January 8, 2009

Bone Stimulators

As a doctor, patients with a fracture that won’t heal can be in quite a pickle. There are many bone stimulators on the market including the Exogen, the Symphony bone growth stimulator, and the mbi bone growth stimulator. How does a bone stimulator work ? There are two main types, ultrasound based and an electrical bone stimulator. The ultrasound type works by emitting a pulsed low intensity ultrasound signal (PLIUS). This has been shown to stimulate mesenchymal stem cells which turn into osteoblasts which are cells that make new bone. An electrical bone growth stimulator works in much the same way. It’s usually worth using one of these units for 6-12 weeks. What if using a bone stimulator doesn’t work? Bone grafting is one option, but a big surgery. Is there another way? Yes, newer stem cell based injection methods can avoid the surgery and use your own stem cells to heal the fracture. I’ve posted two videos below on the subject:

electrical stimulation for fracture healing

As a doctor, one of the most difficult problems a patient can face is is a bone that won’t  heal.  One of the most miserable patients I can rememeber was a little old lady with a sacral fracture who at three months after her fracture couldn’t even go to physical therapy because the fracture wasn’t healing.  She had tried electrical stimulation for fracture healing, but this failed.  Other patients who come to mind are a thirty something smoker with an non-healing humerus fracture and a 60 something geologist with a leg fracture (tib-fib non-union).  They all had one thing in common, they could barely do anything.  What other options are there for these patients?  One option is as we’ve discussed, electrical stimulation for fracture healing.  There are also other types of fracture healing assist devices, including PLIUS or Pulsed Low Intensity Ultrasound.  These units can help, but what to do when they fail?  The issue is often a poor blood supply to the fracture.  As a result, surgeons traditionally try a bone graft with it’s own blood supply.  However, this is a very big surgery.  Is there another way to heal these fractures that won’t heal on their own?  Yes, recent research into adult stem cells have shown them capable of fracture repair.  How did we heal up the three fractures described above?  By injecting the patient’s own adult stem cells into the fracture lines (without bone graft surgery).  The little old lady?  Independent in 6 weeks with a healed scaral compression fracture.  The smoker?  Healed in 6 weeks and had full function of her arm.  The 60 some year old geologist with the tib-fib non-union?  Same.  All without surgery.  Below is a video that explains more:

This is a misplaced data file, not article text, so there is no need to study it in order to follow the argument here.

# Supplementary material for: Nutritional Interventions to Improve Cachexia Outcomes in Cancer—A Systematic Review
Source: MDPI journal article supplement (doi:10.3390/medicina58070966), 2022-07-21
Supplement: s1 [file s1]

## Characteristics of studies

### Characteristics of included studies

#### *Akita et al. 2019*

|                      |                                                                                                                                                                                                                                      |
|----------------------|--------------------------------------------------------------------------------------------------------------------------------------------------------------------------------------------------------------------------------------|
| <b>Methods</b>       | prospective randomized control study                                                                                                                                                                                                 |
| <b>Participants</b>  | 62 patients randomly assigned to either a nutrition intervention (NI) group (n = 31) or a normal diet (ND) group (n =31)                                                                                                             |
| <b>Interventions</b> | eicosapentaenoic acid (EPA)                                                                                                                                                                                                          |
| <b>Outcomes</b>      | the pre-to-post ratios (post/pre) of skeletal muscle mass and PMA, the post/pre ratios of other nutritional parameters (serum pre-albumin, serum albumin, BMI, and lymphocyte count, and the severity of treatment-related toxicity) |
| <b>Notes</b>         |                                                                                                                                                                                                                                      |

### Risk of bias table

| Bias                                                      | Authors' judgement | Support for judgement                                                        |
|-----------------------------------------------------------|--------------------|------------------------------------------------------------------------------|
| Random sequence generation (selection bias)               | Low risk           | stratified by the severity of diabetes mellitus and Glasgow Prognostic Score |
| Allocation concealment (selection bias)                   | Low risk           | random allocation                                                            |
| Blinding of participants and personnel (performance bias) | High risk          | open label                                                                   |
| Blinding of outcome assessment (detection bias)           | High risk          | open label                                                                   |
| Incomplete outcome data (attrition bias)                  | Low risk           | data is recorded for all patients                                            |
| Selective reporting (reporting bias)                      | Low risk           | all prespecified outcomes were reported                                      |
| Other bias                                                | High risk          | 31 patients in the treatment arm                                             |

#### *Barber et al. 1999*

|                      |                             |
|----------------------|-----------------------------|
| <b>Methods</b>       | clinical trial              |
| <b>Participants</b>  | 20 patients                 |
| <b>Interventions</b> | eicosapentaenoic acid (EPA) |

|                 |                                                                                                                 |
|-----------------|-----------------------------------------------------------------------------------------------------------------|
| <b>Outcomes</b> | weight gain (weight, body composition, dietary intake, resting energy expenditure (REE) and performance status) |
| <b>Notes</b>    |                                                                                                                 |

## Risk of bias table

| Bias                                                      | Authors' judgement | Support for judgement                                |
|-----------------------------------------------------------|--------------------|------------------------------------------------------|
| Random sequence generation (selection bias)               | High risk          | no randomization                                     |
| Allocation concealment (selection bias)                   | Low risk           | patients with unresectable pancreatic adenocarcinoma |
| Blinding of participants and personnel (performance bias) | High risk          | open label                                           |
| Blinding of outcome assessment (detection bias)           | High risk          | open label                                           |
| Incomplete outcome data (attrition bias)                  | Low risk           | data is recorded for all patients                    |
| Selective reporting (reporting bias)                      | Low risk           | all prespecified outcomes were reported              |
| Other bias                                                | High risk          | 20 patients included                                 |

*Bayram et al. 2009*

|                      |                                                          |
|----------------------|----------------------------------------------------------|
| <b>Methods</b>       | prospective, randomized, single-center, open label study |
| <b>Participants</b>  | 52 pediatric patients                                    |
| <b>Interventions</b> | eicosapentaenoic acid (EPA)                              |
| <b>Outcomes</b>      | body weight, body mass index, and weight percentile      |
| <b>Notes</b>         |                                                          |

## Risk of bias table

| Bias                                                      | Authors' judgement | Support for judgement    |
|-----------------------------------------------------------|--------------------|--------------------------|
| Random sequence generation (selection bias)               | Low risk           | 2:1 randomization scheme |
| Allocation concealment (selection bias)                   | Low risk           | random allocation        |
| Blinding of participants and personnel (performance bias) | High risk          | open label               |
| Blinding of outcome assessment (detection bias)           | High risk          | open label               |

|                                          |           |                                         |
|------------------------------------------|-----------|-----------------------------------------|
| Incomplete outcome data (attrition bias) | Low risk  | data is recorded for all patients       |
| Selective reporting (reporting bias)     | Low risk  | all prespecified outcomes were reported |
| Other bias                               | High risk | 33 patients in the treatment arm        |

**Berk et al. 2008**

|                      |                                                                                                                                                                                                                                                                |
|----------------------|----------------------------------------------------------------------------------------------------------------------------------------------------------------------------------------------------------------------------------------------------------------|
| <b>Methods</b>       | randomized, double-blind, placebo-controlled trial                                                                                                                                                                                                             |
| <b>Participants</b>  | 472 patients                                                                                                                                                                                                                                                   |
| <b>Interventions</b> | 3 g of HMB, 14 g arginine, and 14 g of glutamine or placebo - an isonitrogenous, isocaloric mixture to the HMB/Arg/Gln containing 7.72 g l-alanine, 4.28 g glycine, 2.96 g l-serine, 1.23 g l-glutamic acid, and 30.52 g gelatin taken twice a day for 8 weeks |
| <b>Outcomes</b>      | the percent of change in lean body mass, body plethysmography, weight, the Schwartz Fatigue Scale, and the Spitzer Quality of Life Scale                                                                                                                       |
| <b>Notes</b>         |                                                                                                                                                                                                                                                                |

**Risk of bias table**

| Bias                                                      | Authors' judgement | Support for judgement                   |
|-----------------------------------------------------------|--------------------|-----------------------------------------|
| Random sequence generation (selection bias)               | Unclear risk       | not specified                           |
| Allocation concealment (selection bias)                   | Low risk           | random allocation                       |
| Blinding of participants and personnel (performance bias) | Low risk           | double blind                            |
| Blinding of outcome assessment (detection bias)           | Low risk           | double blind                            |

August 21, 2008

What is joint preservation?

Joint preservation is both an unknown and new medical science.  It literally means what it sounds like, preserving a joint via a number of tools rather than replacing all or part of that joint.  So instead of a total knee replacement, fixing as many issues as possible to make sure the joint still functions.  Why do this?  Joint replacement is big surgery with big risks, so many of us would like to avoid these risks.  In addition, from a psychological perspective, one knows they are truly “old” when a surgeon cuts out what used to a perfectly good joint and replaces that with metal and plastic.  So this blog is dedicated to my clinical experience and the tools I use to save joints, hence joint preservation.